while their representatives have met, separately, on 8 occasions. In addition, my
Special Adviser and his team increased the pace of bilateral meetings with each side
to assist in overcoming challenges, making use of the experts whom I made
available to both sides. This process has been productive.
9. After our July meeting, the sides refocused negotiations on the core issues
where progress was crucial in order for the talks to advance. This approach proved
useful and, by the time I met with the leaders at Greentree on 30 and 31 October
2011, some positive movement was evident, particularly in the areas of the
economy, European Union matters and internal aspects of security. At Greentree, the
two sides showed willingness to compromise and, as a result, moved closer on core
issues relating to governance and power-sharing, citizenship, property and territory.
Moreover, both before and at Greentree, the sides engaged in a paring-down process
that resulted in focusing on what both sides term as the “core core” issues: the
election of the executive, the number of persons who would become citizens of a
united Cyprus, and the basic design of a property regime.
10. The leaders assured me at Greentree in October 2011 that they believed that
they could finalize a deal. With that assurance, I invited them back to Greentree in
January 2012. Before that meeting, on 6 January 2012, I wrote to the two leaders
expressing the understanding that the talks had entered their final phase, and
reviewing the steps for its implementation. I urged them to unblock the remaining
obstacles in the negotiations so that substantive discussions at Greentree could open
this pathway, leading to a multilateral conference and, ultimately, to a settlement.
Both leaders responded by reiterating their commitment to a solution. It was my
expectation that decisive moves on the three “core core” issues would be made at
Greentree, adding to the considerable body of work already achieved by the two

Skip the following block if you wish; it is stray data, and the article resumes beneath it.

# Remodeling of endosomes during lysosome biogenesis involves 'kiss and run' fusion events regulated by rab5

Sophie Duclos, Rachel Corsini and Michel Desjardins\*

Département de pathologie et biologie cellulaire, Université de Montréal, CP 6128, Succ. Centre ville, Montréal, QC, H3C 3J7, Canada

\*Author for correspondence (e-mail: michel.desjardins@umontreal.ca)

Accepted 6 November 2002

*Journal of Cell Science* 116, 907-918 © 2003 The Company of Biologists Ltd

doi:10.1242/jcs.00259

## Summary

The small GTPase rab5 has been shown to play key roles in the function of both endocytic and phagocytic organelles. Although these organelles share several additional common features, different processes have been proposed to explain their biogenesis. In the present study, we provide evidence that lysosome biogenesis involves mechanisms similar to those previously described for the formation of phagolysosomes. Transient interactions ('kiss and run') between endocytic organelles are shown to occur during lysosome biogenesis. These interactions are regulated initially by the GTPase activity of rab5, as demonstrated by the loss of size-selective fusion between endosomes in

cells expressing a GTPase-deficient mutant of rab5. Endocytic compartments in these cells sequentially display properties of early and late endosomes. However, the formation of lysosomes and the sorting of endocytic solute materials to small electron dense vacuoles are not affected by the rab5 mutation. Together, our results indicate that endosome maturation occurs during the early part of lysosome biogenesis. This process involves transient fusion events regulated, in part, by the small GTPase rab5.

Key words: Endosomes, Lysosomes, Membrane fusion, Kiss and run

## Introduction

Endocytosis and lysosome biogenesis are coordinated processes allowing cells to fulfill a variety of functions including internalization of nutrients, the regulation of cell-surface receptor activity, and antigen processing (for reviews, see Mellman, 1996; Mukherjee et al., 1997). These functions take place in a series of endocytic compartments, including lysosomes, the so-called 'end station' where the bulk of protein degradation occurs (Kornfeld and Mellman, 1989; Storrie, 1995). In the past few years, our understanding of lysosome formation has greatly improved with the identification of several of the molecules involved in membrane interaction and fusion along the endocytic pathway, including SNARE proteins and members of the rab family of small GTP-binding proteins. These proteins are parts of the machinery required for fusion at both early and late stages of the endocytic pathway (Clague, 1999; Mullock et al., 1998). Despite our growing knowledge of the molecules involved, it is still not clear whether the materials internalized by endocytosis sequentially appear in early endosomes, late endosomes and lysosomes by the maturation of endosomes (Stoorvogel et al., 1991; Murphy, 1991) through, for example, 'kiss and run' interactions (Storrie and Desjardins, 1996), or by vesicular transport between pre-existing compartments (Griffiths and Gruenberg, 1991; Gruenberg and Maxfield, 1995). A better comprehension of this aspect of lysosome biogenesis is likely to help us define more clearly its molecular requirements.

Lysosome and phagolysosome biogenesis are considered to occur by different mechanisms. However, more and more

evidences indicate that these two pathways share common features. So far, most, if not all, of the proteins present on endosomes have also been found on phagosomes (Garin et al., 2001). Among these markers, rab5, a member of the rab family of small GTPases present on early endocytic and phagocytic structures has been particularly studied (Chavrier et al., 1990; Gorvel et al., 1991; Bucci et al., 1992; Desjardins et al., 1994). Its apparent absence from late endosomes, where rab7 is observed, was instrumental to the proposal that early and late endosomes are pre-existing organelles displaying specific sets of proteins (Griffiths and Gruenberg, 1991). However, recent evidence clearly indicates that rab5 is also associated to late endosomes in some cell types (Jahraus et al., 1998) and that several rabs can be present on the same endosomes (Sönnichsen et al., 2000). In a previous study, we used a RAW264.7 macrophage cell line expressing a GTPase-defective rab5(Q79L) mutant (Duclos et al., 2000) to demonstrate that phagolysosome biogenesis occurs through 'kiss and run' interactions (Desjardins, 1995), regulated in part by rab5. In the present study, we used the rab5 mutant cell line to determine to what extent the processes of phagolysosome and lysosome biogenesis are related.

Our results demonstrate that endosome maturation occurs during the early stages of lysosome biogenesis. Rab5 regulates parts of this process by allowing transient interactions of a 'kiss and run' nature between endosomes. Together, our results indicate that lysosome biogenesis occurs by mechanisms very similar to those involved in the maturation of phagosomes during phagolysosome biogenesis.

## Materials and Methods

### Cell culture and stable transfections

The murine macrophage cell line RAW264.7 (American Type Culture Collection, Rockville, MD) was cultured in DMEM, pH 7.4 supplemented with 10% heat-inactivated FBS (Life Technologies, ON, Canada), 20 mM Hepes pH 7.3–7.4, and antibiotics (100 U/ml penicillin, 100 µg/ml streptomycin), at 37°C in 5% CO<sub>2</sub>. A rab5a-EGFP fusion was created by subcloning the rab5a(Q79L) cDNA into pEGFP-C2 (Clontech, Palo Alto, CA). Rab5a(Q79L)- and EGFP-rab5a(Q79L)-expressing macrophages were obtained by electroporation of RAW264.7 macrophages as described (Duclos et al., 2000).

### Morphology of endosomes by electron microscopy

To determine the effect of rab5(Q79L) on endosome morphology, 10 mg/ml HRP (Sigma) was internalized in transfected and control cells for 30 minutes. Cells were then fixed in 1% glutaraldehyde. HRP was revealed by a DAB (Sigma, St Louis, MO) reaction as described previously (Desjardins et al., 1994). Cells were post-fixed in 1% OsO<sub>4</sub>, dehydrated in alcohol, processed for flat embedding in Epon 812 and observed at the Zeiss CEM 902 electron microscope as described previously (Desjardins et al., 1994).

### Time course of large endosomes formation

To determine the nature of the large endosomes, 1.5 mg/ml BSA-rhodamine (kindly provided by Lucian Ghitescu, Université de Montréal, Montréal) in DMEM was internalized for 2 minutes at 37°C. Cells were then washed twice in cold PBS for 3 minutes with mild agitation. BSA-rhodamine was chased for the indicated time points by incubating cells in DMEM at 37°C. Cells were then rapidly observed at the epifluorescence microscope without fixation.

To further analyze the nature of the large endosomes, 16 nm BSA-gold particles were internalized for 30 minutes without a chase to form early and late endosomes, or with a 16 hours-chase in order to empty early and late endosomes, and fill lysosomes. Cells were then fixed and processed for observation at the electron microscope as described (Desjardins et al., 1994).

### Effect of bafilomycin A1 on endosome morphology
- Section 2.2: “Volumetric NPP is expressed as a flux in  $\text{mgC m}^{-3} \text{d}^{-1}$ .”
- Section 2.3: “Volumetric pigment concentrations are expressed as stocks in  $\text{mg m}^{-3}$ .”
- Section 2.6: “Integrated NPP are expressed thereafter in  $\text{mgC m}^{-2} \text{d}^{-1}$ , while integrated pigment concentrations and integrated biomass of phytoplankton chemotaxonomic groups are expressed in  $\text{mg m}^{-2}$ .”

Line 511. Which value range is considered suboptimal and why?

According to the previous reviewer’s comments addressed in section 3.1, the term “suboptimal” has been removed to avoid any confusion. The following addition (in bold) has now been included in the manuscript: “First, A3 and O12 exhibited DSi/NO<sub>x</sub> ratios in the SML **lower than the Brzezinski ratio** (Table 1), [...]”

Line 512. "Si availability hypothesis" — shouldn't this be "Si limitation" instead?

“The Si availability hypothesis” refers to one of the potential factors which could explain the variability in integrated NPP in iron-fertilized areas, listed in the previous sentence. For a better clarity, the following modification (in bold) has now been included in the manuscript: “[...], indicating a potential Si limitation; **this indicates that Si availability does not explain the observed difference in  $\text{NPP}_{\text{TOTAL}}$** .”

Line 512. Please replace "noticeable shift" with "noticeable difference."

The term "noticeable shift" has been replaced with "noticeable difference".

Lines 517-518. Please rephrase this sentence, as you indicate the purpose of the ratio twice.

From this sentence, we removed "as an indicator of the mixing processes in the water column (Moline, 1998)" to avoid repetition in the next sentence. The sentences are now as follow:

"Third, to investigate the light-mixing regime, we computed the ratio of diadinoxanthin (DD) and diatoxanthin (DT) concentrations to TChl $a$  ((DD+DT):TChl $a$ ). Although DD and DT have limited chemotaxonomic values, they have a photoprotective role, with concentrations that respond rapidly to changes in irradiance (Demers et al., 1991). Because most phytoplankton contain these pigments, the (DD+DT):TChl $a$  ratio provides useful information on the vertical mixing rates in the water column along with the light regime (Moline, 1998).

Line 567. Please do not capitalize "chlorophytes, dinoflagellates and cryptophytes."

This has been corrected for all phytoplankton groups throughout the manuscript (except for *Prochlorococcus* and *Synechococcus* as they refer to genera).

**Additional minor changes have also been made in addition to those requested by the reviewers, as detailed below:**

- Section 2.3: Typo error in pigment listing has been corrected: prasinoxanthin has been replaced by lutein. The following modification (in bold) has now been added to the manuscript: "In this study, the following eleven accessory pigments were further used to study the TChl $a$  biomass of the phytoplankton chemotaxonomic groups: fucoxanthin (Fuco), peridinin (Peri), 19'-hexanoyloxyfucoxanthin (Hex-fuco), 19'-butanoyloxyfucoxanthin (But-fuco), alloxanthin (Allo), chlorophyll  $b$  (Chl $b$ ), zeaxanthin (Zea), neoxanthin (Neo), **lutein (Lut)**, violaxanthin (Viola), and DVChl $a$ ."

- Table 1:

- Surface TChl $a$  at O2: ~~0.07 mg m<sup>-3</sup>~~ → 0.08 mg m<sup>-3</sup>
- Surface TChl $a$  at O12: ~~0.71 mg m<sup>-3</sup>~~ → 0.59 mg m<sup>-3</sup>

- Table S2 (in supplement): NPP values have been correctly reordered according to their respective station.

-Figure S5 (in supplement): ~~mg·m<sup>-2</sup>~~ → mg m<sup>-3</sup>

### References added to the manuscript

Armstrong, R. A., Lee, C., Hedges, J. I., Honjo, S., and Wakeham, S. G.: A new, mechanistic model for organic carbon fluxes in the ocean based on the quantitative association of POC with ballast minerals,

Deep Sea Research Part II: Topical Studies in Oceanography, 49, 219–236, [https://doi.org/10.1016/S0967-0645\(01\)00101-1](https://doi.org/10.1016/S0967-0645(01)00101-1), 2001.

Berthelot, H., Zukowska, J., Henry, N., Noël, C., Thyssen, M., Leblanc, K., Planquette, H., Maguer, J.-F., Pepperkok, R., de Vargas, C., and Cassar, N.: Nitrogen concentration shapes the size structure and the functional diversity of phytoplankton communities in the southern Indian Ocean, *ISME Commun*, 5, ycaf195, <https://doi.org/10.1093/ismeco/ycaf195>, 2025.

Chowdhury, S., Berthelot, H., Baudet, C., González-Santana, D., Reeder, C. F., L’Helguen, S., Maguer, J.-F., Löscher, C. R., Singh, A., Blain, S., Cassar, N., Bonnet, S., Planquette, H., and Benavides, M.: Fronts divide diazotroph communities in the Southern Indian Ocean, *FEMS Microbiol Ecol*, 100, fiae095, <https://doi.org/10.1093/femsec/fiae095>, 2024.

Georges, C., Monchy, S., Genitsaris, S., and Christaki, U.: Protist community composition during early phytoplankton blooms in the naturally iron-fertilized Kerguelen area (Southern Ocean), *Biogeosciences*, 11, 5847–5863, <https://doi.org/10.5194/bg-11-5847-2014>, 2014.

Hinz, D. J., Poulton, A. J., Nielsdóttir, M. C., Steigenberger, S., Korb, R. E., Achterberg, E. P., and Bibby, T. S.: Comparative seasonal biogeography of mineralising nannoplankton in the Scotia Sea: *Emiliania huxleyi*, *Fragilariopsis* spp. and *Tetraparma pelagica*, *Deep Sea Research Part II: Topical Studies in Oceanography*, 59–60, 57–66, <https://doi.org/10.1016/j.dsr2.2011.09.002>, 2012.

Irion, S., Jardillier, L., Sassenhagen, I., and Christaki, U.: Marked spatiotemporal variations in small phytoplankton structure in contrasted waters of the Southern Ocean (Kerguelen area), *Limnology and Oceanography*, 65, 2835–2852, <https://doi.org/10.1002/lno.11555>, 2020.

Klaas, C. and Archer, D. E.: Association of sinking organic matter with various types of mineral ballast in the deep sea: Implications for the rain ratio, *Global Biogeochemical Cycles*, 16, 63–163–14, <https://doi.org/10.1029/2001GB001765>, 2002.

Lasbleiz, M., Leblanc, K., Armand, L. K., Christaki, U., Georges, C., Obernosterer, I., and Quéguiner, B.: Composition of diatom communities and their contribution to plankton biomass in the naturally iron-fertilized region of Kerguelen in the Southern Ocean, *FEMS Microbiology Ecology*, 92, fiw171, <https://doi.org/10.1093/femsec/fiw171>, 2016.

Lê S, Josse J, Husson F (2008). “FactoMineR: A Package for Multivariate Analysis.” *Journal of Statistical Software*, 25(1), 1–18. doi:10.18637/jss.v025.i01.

sides. However, while discussions at the meeting were robust and intensive, only
limited progress was achieved.
11. Regarding the “core core” issues, the election of the executive remains at an
impasse. With respect to citizenship, the sides have accepted an approach whereby
an agreed number of persons from both sides would become citizens of a united
Cyprus with the entry into force of a comprehensive agreement. On the issue of
property, negotiations have arrived at the stage where the sides are exchanging data,
which should assist them in reaching a common understanding based on their
separate proposals. It is clear to both sides that full agreement on property will
ultimately depend on the resolution of the question of territorial adjustment. The
two sides have agreed that maps and figures will be discussed only in the period
leading up to the multilateral conference.
12. Another crucial issue that remains unresolved is precisely how a settlement
would be incorporated into European Union law. Both sides have put forward
proposals that attempt to address some of the concerns of the other side. However,
to date, neither side has found the other’s proposals satisfactory.
13. Regarding the chapter of security and guarantees, internal aspects have largely
been agreed. The external aspects of security can be resolved only in discussions
with the guarantor Powers, as signatories to the Treaties of Guarantee and Alliance.
14. Ahead of the January 2012 meeting at Greentree, Cyprus 2015, a civil society
group and partner in United Nations Development Programme (UNDP) Action for
Cooperation and Trust in Cyprus (UNDP-ACT), shared a targeted policy brief with
the two negotiating teams, which informed them about the state of public opinion on
the issues under discussion and suggested ways forward in the peace process,
including ensuring greater public ownership. The United Nations continues to
encourage civil society engagement in the process.
15. Following recommendations submitted to the two leaders in July 2011 by the
Gender Advisory Team, a civil society-based bicommunal group formed in 2009, the
project team of bicommunal “ENGAGE: Do Your Part for Peace” initiative
developed a process aimed at better integrating women’s perspectives into
reconciliation efforts. This process, called the “Active Dialogue Network”, is aimed
at supporting a platform for dialogue and exchange on the peace process and for
incorporating a gender perspective into the peace process, as called for by the
Security Council in its resolution 1325 (2000). The platform could also provide an
opportunity for citizens to participate more in the process and influence